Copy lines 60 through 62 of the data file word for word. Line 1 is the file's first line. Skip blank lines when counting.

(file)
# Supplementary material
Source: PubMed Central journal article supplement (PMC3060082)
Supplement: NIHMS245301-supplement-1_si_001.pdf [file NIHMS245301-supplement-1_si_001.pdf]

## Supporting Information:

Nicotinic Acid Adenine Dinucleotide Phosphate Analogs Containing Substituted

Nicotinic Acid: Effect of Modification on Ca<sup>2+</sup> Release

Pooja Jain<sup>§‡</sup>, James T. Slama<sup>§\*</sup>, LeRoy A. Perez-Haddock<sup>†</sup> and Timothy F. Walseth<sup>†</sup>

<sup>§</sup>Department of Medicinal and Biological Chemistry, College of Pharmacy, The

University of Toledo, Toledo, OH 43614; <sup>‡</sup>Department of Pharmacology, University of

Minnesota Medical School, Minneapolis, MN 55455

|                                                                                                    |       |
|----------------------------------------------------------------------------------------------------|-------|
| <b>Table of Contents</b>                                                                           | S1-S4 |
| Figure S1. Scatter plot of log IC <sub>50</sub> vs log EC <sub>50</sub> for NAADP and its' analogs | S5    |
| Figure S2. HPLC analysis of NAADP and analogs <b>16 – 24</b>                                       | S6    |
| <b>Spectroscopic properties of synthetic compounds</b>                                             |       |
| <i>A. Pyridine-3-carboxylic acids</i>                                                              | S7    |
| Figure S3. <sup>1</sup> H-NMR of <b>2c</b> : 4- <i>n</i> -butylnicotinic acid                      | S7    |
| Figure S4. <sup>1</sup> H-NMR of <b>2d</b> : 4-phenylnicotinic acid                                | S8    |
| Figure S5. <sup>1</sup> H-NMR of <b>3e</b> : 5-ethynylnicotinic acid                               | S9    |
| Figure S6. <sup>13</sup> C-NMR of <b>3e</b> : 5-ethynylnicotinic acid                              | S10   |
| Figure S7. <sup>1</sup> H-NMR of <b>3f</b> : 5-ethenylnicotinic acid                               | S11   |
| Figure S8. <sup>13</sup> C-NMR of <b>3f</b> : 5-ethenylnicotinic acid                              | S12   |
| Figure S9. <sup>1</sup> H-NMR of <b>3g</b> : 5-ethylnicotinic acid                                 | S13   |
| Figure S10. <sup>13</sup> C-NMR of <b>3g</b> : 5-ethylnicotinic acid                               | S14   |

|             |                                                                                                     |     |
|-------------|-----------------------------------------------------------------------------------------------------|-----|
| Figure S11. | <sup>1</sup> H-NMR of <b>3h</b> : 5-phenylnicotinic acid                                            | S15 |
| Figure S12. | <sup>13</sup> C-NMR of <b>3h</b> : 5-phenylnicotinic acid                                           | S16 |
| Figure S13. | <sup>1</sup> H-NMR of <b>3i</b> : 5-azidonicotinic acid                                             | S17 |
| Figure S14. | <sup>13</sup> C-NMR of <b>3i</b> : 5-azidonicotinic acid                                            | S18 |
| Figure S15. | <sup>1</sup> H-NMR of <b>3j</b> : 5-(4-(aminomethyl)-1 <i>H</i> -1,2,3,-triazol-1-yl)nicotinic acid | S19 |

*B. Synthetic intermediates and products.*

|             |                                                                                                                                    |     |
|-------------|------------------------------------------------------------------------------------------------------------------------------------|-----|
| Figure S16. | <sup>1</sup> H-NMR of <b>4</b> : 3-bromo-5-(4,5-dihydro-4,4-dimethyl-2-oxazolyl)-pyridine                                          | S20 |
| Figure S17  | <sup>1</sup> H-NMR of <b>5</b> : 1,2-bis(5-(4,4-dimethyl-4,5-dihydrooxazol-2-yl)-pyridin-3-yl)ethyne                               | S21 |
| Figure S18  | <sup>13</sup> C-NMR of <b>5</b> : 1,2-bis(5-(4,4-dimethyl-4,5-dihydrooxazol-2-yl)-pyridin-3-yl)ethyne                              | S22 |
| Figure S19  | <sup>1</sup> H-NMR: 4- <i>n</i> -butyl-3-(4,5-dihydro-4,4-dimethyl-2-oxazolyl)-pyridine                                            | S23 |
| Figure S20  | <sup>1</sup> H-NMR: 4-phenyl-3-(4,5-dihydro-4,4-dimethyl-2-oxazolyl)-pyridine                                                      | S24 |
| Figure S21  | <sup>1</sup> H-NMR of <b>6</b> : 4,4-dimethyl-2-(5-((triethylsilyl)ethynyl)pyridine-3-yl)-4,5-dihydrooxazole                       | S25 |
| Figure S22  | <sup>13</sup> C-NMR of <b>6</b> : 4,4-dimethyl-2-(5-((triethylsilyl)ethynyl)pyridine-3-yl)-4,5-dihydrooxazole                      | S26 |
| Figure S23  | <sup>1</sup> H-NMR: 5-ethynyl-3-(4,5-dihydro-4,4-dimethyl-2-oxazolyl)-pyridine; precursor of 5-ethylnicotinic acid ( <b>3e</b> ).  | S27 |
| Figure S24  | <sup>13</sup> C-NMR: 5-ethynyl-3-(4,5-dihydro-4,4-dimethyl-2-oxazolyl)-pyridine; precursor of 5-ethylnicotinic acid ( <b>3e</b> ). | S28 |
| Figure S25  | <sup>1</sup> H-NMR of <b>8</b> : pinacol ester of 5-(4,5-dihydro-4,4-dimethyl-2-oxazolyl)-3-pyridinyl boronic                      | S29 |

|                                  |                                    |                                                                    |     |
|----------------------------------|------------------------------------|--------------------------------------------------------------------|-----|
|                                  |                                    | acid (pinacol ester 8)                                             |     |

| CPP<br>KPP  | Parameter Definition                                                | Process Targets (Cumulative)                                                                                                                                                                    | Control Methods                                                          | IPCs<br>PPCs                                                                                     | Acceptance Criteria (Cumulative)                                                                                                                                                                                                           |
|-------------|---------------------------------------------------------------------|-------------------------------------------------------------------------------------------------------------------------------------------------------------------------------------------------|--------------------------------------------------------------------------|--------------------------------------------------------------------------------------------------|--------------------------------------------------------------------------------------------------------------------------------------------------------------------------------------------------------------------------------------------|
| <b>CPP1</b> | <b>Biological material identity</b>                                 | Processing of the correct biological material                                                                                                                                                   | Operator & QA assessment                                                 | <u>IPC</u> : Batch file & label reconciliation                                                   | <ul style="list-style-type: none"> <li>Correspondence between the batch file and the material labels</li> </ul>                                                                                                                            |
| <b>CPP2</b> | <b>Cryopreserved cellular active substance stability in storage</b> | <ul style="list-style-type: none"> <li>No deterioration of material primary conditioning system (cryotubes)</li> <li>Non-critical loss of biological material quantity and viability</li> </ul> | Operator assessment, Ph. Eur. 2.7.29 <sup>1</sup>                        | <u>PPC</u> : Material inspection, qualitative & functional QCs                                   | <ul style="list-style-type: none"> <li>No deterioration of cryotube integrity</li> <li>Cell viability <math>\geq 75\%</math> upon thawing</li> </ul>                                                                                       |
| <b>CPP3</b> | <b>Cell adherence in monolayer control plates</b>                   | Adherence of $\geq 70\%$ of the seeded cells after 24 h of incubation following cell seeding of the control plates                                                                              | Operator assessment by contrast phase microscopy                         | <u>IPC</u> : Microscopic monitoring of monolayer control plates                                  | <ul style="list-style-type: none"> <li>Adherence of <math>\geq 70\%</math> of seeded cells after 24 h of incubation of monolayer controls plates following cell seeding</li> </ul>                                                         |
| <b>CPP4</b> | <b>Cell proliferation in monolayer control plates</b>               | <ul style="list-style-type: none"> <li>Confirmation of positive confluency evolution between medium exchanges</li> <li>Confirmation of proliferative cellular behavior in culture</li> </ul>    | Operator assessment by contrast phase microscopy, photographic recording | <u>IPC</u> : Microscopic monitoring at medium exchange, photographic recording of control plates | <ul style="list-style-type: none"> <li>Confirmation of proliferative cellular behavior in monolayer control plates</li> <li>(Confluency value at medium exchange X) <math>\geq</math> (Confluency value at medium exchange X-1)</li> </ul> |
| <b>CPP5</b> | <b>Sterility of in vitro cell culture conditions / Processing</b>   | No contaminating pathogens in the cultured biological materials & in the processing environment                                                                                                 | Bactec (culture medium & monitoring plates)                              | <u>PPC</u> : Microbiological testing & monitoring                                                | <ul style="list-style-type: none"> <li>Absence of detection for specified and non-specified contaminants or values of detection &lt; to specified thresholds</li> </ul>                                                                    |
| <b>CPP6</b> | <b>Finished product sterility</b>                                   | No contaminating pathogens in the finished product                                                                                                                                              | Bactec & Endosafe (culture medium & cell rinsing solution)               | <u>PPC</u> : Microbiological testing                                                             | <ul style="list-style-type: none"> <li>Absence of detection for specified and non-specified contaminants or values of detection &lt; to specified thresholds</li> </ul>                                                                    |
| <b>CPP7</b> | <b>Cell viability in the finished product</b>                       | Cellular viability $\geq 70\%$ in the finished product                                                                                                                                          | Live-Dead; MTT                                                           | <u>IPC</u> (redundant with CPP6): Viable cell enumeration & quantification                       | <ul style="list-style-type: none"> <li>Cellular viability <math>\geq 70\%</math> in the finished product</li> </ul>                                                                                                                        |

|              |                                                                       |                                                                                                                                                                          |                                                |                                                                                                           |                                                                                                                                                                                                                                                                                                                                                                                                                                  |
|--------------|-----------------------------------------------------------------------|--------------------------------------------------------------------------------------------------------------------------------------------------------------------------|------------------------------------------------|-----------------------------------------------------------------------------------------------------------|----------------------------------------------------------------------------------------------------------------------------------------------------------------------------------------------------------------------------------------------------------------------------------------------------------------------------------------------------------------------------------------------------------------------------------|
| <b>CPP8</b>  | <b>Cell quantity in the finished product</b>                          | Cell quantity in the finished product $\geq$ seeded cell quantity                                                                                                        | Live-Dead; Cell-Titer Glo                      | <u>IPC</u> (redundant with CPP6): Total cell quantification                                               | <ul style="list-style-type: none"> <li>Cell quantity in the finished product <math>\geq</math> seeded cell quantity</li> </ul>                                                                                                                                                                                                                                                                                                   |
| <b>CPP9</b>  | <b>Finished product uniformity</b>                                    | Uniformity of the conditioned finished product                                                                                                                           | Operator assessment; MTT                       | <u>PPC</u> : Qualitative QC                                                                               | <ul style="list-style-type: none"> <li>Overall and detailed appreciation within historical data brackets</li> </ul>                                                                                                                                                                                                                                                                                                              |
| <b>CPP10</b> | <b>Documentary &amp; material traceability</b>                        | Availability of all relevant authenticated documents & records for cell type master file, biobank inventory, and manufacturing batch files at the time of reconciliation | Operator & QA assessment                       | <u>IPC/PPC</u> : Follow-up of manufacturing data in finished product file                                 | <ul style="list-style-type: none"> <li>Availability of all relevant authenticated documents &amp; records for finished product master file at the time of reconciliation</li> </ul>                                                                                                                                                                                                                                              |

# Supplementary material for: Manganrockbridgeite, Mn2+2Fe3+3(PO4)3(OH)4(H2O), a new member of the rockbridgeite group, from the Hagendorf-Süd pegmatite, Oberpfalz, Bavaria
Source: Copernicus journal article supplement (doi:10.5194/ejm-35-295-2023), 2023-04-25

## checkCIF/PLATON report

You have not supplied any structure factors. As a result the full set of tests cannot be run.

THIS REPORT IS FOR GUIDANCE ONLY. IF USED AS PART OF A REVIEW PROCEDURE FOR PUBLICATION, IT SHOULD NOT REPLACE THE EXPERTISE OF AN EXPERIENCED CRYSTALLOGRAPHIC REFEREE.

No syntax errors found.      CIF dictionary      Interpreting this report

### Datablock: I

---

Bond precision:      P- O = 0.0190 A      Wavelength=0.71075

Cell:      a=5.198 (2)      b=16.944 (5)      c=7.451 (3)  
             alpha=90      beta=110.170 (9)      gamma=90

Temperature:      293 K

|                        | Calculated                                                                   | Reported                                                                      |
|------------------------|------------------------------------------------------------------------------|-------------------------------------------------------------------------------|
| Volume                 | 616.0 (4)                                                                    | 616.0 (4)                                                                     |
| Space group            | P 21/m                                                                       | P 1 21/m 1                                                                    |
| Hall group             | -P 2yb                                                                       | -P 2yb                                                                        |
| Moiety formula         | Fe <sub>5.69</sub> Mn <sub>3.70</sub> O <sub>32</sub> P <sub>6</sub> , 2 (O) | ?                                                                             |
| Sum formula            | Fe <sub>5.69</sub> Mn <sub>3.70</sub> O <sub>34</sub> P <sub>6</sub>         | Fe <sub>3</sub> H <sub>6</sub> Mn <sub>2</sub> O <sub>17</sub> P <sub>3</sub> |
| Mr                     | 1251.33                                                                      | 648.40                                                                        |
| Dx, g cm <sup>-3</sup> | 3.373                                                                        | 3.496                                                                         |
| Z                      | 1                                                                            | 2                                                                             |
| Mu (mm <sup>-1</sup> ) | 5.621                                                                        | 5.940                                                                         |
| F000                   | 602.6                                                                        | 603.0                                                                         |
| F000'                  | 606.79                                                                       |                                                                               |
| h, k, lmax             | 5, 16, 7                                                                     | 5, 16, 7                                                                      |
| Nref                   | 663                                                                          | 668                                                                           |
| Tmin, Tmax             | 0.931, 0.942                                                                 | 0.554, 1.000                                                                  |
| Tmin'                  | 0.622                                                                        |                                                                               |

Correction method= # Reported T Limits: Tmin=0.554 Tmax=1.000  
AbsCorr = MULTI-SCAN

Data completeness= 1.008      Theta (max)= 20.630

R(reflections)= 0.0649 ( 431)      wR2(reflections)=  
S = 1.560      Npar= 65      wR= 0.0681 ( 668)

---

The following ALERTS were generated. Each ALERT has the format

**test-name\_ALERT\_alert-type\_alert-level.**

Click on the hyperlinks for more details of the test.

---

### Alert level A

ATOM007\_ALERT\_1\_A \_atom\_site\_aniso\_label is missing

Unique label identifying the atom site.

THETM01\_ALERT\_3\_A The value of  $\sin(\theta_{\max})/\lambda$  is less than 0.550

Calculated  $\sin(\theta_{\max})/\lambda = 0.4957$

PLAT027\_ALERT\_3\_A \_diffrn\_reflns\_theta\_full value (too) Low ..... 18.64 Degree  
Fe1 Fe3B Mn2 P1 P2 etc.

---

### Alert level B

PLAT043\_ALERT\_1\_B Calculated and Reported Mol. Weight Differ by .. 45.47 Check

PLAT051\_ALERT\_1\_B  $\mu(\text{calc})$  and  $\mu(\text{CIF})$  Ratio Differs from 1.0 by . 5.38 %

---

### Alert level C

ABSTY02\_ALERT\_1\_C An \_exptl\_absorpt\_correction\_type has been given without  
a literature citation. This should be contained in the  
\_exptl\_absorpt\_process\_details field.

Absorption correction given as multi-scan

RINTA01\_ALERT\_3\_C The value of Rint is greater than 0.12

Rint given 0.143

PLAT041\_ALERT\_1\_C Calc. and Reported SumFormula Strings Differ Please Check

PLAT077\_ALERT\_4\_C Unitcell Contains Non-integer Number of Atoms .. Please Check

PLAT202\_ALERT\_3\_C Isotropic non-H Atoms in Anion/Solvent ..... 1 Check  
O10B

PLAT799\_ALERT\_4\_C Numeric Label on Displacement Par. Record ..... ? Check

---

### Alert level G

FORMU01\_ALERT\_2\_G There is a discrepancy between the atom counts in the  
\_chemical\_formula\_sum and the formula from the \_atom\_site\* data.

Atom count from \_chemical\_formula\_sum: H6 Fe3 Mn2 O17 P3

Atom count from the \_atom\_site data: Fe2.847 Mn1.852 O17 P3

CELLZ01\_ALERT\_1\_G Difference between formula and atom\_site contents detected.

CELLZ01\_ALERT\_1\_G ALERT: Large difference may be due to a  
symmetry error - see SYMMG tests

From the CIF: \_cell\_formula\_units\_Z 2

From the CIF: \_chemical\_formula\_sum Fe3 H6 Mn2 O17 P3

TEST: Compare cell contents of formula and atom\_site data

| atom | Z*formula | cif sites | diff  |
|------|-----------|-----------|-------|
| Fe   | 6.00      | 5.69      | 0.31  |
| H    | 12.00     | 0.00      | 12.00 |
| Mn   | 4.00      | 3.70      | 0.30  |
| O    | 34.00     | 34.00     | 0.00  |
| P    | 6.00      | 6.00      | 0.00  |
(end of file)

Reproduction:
| <b>CPP8</b>  | <b>Cell quantity in the finished product</b>                          | Cell quantity in the finished product $\geq$ seeded cell quantity                                                                                                        | Live-Dead; Cell-Titer Glo                      | <u>IPC</u> (redundant with CPP6): Total cell quantification                                               | <ul style="list-style-type: none"> <li>Cell quantity in the finished product <math>\geq</math> seeded cell quantity</li> </ul>                                                                                                                                                                                                                                                                                                   |
| <b>CPP9</b>  | <b>Finished product uniformity</b>                                    | Uniformity of the conditioned finished product                                                                                                                           | Operator assessment; MTT                       | <u>PPC</u> : Qualitative QC                                                                               | <ul style="list-style-type: none"> <li>Overall and detailed appreciation within historical data brackets</li> </ul>                                                                                                                                                                                                                                                                                                              |
| <b>CPP10</b> | <b>Documentary &amp; material traceability</b>                        | Availability of all relevant authenticated documents & records for cell type master file, biobank inventory, and manufacturing batch files at the time of reconciliation | Operator & QA assessment                       | <u>IPC/PPC</u> : Follow-up of manufacturing data in finished product file                                 | <ul style="list-style-type: none"> <li>Availability of all relevant authenticated documents &amp; records for finished product master file at the time of reconciliation</li> </ul>                                                                                                                                                                                                                                              |